Primary data was collected using a structured pre-tested and self-administered questionnaire that was developed from the existing literature [12, 13]. The questionnaire was first developed in English then translated to Tigrigna (local language). Before the actual time of data collection, a pre-test was conducted on 10% similar population in Mekelle city administration not included in the study. Data collectors were assigned to the seven campuses of Mekelle University to distribute and collect the questionnaire. Data entry was conducted using EPI-INFO version 7 computer software, and data cleaning and analysis was done using SPSS version 22. The data cleaning was performed by calculating frequency of each variable to check accuracy, inconsistency and missed the value of the data. Before analysis of the data, recoding of variables was conducted to make it easy for analysis. Descriptive statistics like frequency for normally distributed data and median with interquartile range for non-normally distributed data to all variables were computed. Bivariate logistic regression was used as method of analysis, variables statistically significant with P < 0.3 was taken to the multivariable logistic regression. For all statistical significance tests between each independent and dependent variable, significant at P < 0.05 was be considered reliable for the analysis of the study.

Sexual violence was operationalized as unwanted sexual act such as a verbal joke, question for sex, faced unwanted kiss, unwelcomed touching of woman’s body parts such as breast, genitalia, forced sexual attempt, forced sex without consent/will, forced sex that made a woman frightened and degrading in the past six months.


Sociodemographic characteristics

A total of 356 female administrative staff of Mekelle University participated in this study giving a response rate of 100%. From the total participants, 174 (48.9%) of them were in the age group 26–35 years, and 171 (48%) of the participants were married. Regarding ethnicity, majority (89%) of them were Tigrians as well as 270 (75.8%) females were Orthodox Christian. Two hundred thirty-four (65.7%) participants had educational status of certificate and above. About 22.2% of the participants were working as runners (transport patients from one department to other department in a hospital). Two hundred and fifteen (60.4%) of the participant females had a monthly salary of 500–1500 Birr (Table 1).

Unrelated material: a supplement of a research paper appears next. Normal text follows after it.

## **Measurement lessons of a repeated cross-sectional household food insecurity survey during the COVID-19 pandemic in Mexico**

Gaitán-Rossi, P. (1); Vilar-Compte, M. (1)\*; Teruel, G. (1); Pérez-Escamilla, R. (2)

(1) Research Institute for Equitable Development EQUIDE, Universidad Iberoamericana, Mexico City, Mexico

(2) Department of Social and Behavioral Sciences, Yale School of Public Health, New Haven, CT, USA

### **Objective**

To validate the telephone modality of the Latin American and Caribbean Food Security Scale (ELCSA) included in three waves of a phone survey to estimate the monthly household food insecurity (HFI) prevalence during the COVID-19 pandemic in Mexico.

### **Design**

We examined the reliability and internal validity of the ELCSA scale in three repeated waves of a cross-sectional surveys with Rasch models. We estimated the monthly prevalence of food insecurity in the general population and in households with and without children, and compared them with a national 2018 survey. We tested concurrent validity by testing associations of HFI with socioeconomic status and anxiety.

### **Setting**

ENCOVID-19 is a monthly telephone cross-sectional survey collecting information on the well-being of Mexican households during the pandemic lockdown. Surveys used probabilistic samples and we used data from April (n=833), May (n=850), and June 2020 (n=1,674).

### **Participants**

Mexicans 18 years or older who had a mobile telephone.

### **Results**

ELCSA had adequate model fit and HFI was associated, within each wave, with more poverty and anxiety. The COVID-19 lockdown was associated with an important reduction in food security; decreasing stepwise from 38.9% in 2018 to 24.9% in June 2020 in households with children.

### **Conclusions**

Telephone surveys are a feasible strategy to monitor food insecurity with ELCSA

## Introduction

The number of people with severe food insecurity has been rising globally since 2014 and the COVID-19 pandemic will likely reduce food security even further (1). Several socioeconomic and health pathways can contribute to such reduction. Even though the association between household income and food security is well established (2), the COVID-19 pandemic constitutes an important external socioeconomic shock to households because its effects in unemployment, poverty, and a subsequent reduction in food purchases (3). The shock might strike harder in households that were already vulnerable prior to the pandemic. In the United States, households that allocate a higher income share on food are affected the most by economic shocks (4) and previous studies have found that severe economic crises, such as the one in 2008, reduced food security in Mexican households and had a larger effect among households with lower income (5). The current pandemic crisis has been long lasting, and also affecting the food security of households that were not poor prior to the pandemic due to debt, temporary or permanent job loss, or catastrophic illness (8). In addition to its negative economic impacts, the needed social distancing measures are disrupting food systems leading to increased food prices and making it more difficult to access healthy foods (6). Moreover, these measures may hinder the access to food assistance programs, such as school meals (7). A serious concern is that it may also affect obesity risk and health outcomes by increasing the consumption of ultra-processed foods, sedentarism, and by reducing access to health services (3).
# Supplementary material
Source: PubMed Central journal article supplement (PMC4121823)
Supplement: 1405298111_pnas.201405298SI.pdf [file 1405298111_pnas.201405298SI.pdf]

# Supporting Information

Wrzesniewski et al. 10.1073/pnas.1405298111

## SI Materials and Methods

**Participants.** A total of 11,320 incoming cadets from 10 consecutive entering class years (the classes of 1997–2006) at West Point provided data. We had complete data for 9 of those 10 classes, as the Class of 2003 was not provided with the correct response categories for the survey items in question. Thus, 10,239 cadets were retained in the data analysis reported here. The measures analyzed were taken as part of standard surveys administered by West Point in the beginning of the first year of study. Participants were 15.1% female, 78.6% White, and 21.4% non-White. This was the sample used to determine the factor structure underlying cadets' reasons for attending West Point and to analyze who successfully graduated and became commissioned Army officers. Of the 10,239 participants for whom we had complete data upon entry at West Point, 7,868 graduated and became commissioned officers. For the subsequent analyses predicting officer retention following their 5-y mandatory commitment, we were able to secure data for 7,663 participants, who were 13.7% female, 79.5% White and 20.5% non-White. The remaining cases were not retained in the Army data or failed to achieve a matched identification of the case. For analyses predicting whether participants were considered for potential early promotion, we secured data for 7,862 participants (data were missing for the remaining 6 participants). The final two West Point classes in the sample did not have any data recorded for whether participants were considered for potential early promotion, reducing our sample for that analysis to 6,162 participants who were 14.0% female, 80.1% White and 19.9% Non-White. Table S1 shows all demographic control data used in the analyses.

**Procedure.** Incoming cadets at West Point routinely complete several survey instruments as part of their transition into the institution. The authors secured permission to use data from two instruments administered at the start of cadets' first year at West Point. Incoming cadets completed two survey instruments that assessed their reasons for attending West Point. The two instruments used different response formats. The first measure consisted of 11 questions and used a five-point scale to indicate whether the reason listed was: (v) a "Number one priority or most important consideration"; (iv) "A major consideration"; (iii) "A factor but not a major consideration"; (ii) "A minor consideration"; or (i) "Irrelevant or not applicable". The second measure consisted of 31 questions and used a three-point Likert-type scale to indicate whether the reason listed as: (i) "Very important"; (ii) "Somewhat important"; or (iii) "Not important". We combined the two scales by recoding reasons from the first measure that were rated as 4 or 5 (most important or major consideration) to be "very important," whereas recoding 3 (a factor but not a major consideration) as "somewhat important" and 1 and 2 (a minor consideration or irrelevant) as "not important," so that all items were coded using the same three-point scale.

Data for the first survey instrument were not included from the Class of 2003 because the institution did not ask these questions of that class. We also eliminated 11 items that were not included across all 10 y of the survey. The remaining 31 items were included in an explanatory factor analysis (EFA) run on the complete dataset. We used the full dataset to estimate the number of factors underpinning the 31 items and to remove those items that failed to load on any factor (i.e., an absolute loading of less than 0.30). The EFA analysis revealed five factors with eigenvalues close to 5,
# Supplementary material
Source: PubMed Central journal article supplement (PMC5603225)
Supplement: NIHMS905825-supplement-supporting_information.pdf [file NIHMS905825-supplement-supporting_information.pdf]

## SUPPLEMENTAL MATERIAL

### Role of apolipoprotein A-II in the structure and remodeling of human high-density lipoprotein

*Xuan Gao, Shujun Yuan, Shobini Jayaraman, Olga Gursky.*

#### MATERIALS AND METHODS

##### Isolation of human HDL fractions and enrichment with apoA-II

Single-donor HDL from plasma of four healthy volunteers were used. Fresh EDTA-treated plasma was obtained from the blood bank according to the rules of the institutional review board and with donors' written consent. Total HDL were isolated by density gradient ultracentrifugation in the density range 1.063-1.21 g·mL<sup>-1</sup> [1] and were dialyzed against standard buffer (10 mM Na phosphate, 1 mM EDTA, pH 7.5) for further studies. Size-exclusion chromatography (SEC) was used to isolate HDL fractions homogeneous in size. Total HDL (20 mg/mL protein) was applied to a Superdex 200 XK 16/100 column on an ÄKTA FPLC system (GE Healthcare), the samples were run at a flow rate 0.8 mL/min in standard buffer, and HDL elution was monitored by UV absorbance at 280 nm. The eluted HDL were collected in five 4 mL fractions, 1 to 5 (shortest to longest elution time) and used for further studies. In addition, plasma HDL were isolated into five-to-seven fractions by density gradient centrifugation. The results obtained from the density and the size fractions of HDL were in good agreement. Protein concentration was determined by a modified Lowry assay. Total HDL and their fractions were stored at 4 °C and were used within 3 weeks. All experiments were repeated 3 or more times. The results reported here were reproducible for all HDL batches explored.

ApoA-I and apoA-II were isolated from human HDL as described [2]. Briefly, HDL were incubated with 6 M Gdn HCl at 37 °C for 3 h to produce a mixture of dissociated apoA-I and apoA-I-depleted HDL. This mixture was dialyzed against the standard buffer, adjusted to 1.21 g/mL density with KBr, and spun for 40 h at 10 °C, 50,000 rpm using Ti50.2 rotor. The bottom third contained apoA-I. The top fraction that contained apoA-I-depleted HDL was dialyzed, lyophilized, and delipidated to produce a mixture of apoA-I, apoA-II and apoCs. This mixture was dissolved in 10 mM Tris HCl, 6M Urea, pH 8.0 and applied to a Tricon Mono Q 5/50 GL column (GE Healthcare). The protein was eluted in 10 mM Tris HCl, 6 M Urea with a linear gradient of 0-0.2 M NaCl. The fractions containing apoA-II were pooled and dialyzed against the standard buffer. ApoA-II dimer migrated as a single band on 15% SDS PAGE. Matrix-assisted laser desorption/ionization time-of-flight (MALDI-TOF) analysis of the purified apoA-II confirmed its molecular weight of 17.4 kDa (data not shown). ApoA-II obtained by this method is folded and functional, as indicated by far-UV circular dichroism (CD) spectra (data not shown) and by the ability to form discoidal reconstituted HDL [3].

Table 1 Sexual violence vs sociodemographic characteristics of female employees of MU, 2018 (n = 356)

Sexual violence

From the total number of participants, 188 (52.8%) had a shift on their work schedule and 110 (30.9%) of them had day and night shift. About half 180 (50.2%) of the participants face sexual violence. Similarly, 53 (14.9%) of the violence was performed by their boss. Workmates and students were also other common perpetrators. The number of female workers who face violence in their workplace was 122 (67.8%) whereas, the rest faced violence was happened outside their workplaces such as in bus and other places. Bullying was the common act of violence as reported by 82 (45.5%) of participants. One hundred fourteen (63.3%) of the victims didn’t know whether the perpetrators use a substance or not whereas from those who responded yes for substance use, 26 (57.8%) of the perpetrators used alcohol. From the total study participants, about 46.4% had no boyfriend and from those who had boyfriend 105 (29.5%) of them had regular sexual contact (Table 2).

Table 2 Sexual violence versus different variables among female administrative staffs of MU, 2018 (n = 356)

Factors associated with sexual violence

To assess the relationship between the dependent and independent variables, logistic regression analysis method was used. In binary logistic regression educational status, workplace, having a night shift, having boyfriend, sexual contact, having multiple partners and knowing other females violated in the office were statistically associated with sexual violence. Whereas, in multiple logistic regression the factors associated with sexual violence were: age, educational status, workplace, having a night shift, having multiple partners and knowing other female violated in office.